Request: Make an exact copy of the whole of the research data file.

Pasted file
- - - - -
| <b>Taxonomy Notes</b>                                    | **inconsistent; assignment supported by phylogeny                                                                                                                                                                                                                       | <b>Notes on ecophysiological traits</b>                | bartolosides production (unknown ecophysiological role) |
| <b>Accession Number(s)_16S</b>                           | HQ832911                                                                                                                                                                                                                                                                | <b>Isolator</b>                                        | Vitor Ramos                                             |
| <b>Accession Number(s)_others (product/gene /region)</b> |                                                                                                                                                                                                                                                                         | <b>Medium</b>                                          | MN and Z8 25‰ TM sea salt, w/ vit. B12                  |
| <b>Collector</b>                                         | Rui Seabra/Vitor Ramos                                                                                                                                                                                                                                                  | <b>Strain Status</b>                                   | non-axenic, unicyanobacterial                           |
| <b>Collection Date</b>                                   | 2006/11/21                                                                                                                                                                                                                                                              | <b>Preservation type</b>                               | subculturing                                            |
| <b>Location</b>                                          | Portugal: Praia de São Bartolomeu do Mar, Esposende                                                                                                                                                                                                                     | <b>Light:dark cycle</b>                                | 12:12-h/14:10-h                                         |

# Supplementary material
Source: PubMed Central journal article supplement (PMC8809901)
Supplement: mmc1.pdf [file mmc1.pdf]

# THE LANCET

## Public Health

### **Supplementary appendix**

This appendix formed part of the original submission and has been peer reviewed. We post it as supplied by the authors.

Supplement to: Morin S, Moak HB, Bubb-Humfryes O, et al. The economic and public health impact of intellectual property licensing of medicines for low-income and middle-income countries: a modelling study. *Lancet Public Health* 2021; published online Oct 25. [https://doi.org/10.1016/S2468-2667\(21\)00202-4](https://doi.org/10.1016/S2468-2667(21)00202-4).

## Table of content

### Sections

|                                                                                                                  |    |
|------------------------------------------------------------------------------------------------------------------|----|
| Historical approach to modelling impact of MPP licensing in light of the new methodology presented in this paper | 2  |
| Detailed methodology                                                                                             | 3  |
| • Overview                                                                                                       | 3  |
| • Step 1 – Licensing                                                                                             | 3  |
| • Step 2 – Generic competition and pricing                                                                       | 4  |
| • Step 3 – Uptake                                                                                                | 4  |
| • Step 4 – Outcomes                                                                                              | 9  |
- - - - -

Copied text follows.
| <b>Taxonomy Notes</b>                                    | **inconsistent; assignment supported by phylogeny                                                                                                                                                                                                                       | <b>Notes on ecophysiological traits</b>                | bartolosides production (unknown ecophysiological role) |
| <b>Accession Number(s)_16S</b>                           | HQ832911                                                                                                                                                                                                                                                                | <b>Isolator</b>                                        | Vitor Ramos                                             |
| <b>Accession Number(s)_others (product/gene /region)</b> |                                                                                                                                                                                                                                                                         | <b>Medium</b>                                          | MN and Z8 25‰ TM sea salt, w/ vit. B12                  |
| <b>Collector</b>                                         | Rui Seabra/Vitor Ramos                                                                                                                                                                                                                                                  | <b>Strain Status</b>                                   | non-axenic, unicyanobacterial                           |
| <b>Collection Date</b>                                   | 2006/11/21                                                                                                                                                                                                                                                              | <b>Preservation type</b>                               | subculturing                                            |
| <b>Location</b>                                          | Portugal: Praia de São Bartolomeu do Mar, Esposende                                                                                                                                                                                                                     | <b>Light:dark cycle</b>                                | 12:12-h/14:10-h                                         |

# Supplementary material
Source: PubMed Central journal article supplement (PMC8809901)
Supplement: mmc1.pdf [file mmc1.pdf]

# THE LANCET

## Public Health

### **Supplementary appendix**

This appendix formed part of the original submission and has been peer reviewed. We post it as supplied by the authors.

Supplement to: Morin S, Moak HB, Bubb-Humfryes O, et al. The economic and public health impact of intellectual property licensing of medicines for low-income and middle-income countries: a modelling study. *Lancet Public Health* 2021; published online Oct 25. [https://doi.org/10.1016/S2468-2667\(21\)00202-4](https://doi.org/10.1016/S2468-2667(21)00202-4).

## Table of content

### Sections

|                                                                                                                  |    |
|------------------------------------------------------------------------------------------------------------------|----|
| Historical approach to modelling impact of MPP licensing in light of the new methodology presented in this paper | 2  |
| Detailed methodology                                                                                             | 3  |
| • Overview                                                                                                       | 3  |
| • Step 1 – Licensing                                                                                             | 3  |
| • Step 2 – Generic competition and pricing                                                                       | 4  |
| • Step 3 – Uptake                                                                                                | 4  |
| • Step 4 – Outcomes                                                                                              | 9  |